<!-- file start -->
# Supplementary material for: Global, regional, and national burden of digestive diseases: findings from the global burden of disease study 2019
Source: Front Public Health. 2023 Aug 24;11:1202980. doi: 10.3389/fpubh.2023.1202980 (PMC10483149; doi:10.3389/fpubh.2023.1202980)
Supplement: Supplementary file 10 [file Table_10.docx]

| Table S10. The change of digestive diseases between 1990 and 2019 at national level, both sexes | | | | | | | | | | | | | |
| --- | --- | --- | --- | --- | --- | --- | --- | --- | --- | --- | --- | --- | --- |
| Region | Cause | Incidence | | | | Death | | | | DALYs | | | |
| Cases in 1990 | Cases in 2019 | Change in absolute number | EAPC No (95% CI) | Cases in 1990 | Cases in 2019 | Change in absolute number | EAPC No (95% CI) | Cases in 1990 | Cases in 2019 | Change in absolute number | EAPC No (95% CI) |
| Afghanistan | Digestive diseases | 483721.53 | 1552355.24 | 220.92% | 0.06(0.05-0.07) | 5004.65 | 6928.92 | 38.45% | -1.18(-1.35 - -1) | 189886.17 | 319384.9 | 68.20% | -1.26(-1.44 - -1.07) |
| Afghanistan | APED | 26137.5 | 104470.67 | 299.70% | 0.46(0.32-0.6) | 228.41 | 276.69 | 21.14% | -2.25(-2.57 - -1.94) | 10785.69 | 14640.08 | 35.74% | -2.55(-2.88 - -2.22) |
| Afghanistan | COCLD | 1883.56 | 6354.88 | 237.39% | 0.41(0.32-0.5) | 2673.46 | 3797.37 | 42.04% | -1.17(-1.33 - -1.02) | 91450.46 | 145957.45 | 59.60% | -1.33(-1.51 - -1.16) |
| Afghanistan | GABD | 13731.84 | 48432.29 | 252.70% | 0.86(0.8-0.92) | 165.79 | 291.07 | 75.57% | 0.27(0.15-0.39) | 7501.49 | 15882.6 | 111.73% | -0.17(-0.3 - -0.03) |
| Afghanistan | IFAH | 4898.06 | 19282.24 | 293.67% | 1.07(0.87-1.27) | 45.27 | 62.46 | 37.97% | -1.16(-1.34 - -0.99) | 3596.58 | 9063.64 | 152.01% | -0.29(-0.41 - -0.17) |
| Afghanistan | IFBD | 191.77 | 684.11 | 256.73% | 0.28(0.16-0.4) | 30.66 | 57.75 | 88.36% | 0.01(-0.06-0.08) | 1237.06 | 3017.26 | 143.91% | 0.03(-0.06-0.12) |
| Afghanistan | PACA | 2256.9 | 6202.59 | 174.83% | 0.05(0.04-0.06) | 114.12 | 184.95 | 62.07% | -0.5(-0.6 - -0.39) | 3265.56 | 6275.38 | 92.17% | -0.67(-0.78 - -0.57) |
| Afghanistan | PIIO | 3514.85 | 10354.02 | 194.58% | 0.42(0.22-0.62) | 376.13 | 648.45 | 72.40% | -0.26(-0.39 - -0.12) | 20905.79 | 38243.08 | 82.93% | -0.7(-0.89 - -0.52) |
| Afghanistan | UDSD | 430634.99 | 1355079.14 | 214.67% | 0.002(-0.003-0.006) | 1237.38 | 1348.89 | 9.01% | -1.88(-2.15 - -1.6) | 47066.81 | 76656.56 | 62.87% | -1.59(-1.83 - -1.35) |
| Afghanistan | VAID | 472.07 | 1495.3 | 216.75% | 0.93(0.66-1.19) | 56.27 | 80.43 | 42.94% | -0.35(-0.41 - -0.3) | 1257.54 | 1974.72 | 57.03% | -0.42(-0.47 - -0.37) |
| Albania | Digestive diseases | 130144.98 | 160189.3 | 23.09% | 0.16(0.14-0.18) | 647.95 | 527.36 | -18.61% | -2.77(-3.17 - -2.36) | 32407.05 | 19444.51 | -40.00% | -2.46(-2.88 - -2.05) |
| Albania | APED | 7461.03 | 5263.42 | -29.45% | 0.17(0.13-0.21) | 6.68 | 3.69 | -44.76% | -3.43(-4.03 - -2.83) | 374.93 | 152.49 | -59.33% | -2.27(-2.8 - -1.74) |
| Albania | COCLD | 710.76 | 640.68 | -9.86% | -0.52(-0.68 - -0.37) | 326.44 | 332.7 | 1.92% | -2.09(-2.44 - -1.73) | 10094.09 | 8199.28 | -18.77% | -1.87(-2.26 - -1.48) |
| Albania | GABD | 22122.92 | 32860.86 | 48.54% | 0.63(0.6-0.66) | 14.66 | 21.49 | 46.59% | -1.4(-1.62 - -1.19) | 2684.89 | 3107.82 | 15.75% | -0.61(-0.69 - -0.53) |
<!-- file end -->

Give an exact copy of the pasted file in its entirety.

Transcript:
# Supplementary material for: Global, regional, and national burden of digestive diseases: findings from the global burden of disease study 2019
Source: Front Public Health. 2023 Aug 24;11:1202980. doi: 10.3389/fpubh.2023.1202980 (PMC10483149; doi:10.3389/fpubh.2023.1202980)
Supplement: Supplementary file 10 [file Table_10.docx]

| Table S10. The change of digestive diseases between 1990 and 2019 at national level, both sexes | | | | | | | | | | | | | |
| --- | --- | --- | --- | --- | --- | --- | --- | --- | --- | --- | --- | --- | --- |
| Region | Cause | Incidence | | | | Death | | | | DALYs | | | |
| Cases in 1990 | Cases in 2019 | Change in absolute number | EAPC No (95% CI) | Cases in 1990 | Cases in 2019 | Change in absolute number | EAPC No (95% CI) | Cases in 1990 | Cases in 2019 | Change in absolute number | EAPC No (95% CI) |
| Afghanistan | Digestive diseases | 483721.53 | 1552355.24 | 220.92% | 0.06(0.05-0.07) | 5004.65 | 6928.92 | 38.45% | -1.18(-1.35 - -1) | 189886.17 | 319384.9 | 68.20% | -1.26(-1.44 - -1.07) |
| Afghanistan | APED | 26137.5 | 104470.67 | 299.70% | 0.46(0.32-0.6) | 228.41 | 276.69 | 21.14% | -2.25(-2.57 - -1.94) | 10785.69 | 14640.08 | 35.74% | -2.55(-2.88 - -2.22) |
| Afghanistan | COCLD | 1883.56 | 6354.88 | 237.39% | 0.41(0.32-0.5) | 2673.46 | 3797.37 | 42.04% | -1.17(-1.33 - -1.02) | 91450.46 | 145957.45 | 59.60% | -1.33(-1.51 - -1.16) |
| Afghanistan | GABD | 13731.84 | 48432.29 | 252.70% | 0.86(0.8-0.92) | 165.79 | 291.07 | 75.57% | 0.27(0.15-0.39) | 7501.49 | 15882.6 | 111.73% | -0.17(-0.3 - -0.03) |
| Afghanistan | IFAH | 4898.06 | 19282.24 | 293.67% | 1.07(0.87-1.27) | 45.27 | 62.46 | 37.97% | -1.16(-1.34 - -0.99) | 3596.58 | 9063.64 | 152.01% | -0.29(-0.41 - -0.17) |
| Afghanistan | IFBD | 191.77 | 684.11 | 256.73% | 0.28(0.16-0.4) | 30.66 | 57.75 | 88.36% | 0.01(-0.06-0.08) | 1237.06 | 3017.26 | 143.91% | 0.03(-0.06-0.12) |
| Afghanistan | PACA | 2256.9 | 6202.59 | 174.83% | 0.05(0.04-0.06) | 114.12 | 184.95 | 62.07% | -0.5(-0.6 - -0.39) | 3265.56 | 6275.38 | 92.17% | -0.67(-0.78 - -0.57) |
| Afghanistan | PIIO | 3514.85 | 10354.02 | 194.58% | 0.42(0.22-0.62) | 376.13 | 648.45 | 72.40% | -0.26(-0.39 - -0.12) | 20905.79 | 38243.08 | 82.93% | -0.7(-0.89 - -0.52) |
| Afghanistan | UDSD | 430634.99 | 1355079.14 | 214.67% | 0.002(-0.003-0.006) | 1237.38 | 1348.89 | 9.01% | -1.88(-2.15 - -1.6) | 47066.81 | 76656.56 | 62.87% | -1.59(-1.83 - -1.35) |
| Afghanistan | VAID | 472.07 | 1495.3 | 216.75% | 0.93(0.66-1.19) | 56.27 | 80.43 | 42.94% | -0.35(-0.41 - -0.3) | 1257.54 | 1974.72 | 57.03% | -0.42(-0.47 - -0.37) |
| Albania | Digestive diseases | 130144.98 | 160189.3 | 23.09% | 0.16(0.14-0.18) | 647.95 | 527.36 | -18.61% | -2.77(-3.17 - -2.36) | 32407.05 | 19444.51 | -40.00% | -2.46(-2.88 - -2.05) |
| Albania | APED | 7461.03 | 5263.42 | -29.45% | 0.17(0.13-0.21) | 6.68 | 3.69 | -44.76% | -3.43(-4.03 - -2.83) | 374.93 | 152.49 | -59.33% | -2.27(-2.8 - -1.74) |
| Albania | COCLD | 710.76 | 640.68 | -9.86% | -0.52(-0.68 - -0.37) | 326.44 | 332.7 | 1.92% | -2.09(-2.44 - -1.73) | 10094.09 | 8199.28 | -18.77% | -1.87(-2.26 - -1.48) |
| Albania | GABD | 22122.92 | 32860.86 | 48.54% | 0.63(0.6-0.66) | 14.66 | 21.49 | 46.59% | -1.4(-1.62 - -1.19) | 2684.89 | 3107.82 | 15.75% | -0.61(-0.69 - -0.53) |